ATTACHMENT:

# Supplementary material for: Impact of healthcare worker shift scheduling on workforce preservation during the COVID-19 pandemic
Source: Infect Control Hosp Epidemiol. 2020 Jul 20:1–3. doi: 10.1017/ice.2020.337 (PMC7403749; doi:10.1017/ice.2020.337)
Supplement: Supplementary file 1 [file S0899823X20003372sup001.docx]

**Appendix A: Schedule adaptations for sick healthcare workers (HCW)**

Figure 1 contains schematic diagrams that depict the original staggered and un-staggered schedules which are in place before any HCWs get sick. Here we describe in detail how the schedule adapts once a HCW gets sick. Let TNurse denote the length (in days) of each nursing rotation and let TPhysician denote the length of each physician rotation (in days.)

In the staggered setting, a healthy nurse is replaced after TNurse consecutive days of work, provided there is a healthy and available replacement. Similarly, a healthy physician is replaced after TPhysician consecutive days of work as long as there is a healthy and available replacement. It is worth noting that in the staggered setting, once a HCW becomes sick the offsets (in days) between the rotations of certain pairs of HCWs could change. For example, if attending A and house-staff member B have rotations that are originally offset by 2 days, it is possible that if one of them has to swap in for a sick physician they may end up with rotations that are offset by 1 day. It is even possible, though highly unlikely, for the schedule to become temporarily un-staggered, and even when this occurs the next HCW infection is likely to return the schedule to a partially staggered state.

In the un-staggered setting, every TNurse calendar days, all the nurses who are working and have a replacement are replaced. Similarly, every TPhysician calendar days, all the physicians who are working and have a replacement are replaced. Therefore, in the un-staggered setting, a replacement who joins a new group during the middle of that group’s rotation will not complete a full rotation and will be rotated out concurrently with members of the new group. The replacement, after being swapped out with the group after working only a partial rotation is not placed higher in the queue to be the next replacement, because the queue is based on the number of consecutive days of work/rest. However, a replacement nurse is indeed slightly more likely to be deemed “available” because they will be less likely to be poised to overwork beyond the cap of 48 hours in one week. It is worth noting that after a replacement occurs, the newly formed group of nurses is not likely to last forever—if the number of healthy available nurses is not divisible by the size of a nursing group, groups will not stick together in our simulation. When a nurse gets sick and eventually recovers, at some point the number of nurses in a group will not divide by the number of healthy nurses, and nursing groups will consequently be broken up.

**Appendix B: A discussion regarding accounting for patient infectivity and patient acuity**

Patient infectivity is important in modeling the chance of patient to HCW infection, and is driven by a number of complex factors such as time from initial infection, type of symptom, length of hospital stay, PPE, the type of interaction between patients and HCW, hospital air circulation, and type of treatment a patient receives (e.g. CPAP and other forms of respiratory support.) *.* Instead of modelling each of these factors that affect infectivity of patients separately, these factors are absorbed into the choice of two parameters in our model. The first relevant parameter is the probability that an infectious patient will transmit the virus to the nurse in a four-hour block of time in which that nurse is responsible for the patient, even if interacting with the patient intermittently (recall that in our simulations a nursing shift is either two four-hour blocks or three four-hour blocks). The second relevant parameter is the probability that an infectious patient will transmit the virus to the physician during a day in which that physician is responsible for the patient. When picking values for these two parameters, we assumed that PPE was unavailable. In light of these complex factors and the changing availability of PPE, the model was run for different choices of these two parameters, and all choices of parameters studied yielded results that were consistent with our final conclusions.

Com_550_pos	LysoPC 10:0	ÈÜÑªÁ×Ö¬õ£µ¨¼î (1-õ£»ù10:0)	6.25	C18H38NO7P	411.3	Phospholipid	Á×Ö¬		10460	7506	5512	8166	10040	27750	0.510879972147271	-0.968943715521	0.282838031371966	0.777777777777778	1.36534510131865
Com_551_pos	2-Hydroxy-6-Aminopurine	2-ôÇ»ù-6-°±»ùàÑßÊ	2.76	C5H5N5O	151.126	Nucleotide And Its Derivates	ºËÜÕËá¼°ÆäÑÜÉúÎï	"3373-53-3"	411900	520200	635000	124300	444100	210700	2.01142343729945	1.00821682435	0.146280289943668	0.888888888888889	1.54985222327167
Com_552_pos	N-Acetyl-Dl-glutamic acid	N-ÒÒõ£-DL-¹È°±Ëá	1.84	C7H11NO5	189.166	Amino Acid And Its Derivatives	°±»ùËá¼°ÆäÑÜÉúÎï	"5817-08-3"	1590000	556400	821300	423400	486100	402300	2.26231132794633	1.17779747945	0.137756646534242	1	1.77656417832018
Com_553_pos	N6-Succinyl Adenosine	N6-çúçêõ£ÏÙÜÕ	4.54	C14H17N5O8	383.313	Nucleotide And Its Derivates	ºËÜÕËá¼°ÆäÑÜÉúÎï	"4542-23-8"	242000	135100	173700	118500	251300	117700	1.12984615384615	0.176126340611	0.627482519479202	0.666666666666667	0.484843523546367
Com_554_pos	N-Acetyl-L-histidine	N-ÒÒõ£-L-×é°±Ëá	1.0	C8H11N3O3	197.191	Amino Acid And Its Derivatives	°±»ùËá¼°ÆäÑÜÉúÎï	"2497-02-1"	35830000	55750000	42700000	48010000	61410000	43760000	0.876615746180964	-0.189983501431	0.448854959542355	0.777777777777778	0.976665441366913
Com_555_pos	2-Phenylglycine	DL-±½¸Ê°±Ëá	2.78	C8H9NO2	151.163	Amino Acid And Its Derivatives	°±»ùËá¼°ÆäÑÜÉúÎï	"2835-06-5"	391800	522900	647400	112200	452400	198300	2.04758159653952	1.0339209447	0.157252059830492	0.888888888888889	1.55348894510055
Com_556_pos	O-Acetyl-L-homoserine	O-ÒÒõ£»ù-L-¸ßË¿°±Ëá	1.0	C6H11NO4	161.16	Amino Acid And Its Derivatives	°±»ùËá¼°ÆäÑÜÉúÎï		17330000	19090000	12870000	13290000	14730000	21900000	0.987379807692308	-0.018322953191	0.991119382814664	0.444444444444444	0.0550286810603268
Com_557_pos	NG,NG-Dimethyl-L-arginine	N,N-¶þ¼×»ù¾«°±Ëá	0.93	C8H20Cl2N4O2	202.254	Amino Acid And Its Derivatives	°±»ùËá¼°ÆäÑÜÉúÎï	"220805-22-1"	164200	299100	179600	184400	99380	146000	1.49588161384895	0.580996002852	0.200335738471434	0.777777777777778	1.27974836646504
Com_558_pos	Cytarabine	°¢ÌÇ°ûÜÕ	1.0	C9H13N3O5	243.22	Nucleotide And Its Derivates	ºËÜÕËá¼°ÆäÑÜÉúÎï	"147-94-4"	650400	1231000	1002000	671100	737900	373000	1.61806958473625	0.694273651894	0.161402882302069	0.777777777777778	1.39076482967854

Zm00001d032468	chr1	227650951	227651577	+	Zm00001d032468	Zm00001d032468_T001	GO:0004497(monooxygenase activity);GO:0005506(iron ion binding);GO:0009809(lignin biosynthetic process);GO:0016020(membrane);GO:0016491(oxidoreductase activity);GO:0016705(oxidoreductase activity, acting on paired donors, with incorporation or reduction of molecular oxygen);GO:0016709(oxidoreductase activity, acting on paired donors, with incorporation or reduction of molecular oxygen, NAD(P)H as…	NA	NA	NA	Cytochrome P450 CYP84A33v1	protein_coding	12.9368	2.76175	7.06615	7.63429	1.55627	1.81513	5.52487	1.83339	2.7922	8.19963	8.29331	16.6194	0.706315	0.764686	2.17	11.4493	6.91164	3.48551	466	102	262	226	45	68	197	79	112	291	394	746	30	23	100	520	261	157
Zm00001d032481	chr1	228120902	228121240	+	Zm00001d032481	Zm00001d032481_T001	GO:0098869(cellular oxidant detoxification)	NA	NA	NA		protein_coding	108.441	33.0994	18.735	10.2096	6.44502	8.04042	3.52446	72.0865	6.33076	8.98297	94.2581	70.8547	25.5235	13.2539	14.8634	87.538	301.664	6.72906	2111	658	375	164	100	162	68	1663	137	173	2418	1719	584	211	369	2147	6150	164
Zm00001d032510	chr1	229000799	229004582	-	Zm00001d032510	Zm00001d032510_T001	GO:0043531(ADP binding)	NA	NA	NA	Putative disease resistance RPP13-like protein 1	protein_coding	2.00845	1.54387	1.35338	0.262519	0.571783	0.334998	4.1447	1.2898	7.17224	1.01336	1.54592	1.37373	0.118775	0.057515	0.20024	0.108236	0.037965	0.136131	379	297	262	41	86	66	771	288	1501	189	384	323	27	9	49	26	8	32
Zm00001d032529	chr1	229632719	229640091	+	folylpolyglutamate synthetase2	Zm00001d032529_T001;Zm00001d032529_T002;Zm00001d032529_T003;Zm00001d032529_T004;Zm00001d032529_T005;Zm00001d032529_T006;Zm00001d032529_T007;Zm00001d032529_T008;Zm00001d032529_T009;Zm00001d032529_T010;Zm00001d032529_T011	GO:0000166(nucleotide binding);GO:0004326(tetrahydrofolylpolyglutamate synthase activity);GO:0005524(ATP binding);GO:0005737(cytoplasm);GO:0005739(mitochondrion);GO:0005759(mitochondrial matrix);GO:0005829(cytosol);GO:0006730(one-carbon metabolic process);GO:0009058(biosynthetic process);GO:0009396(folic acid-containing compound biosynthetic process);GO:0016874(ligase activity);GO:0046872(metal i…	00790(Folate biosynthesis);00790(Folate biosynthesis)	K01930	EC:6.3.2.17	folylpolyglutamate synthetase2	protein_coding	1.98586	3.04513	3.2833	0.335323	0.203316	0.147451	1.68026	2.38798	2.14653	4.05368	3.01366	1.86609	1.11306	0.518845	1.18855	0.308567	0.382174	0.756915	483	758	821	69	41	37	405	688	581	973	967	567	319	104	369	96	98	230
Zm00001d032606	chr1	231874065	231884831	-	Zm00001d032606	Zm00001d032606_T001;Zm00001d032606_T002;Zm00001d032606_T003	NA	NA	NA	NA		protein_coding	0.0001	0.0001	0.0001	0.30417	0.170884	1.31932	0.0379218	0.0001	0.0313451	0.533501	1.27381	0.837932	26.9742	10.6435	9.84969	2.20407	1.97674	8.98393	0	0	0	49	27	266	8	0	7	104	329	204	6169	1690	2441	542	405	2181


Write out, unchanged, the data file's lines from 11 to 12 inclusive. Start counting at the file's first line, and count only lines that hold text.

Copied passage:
Com_551_pos	2-Hydroxy-6-Aminopurine	2-ôÇ»ù-6-°±»ùàÑßÊ	2.76	C5H5N5O	151.126	Nucleotide And Its Derivates	ºËÜÕËá¼°ÆäÑÜÉúÎï	"3373-53-3"	411900	520200	635000	124300	444100	210700	2.01142343729945	1.00821682435	0.146280289943668	0.888888888888889	1.54985222327167
Com_552_pos	N-Acetyl-Dl-glutamic acid	N-ÒÒõ£-DL-¹È°±Ëá	1.84	C7H11NO5	189.166	Amino Acid And Its Derivatives	°±»ùËá¼°ÆäÑÜÉúÎï	"5817-08-3"	1590000	556400	821300	423400	486100	402300	2.26231132794633	1.17779747945	0.137756646534242	1	1.77656417832018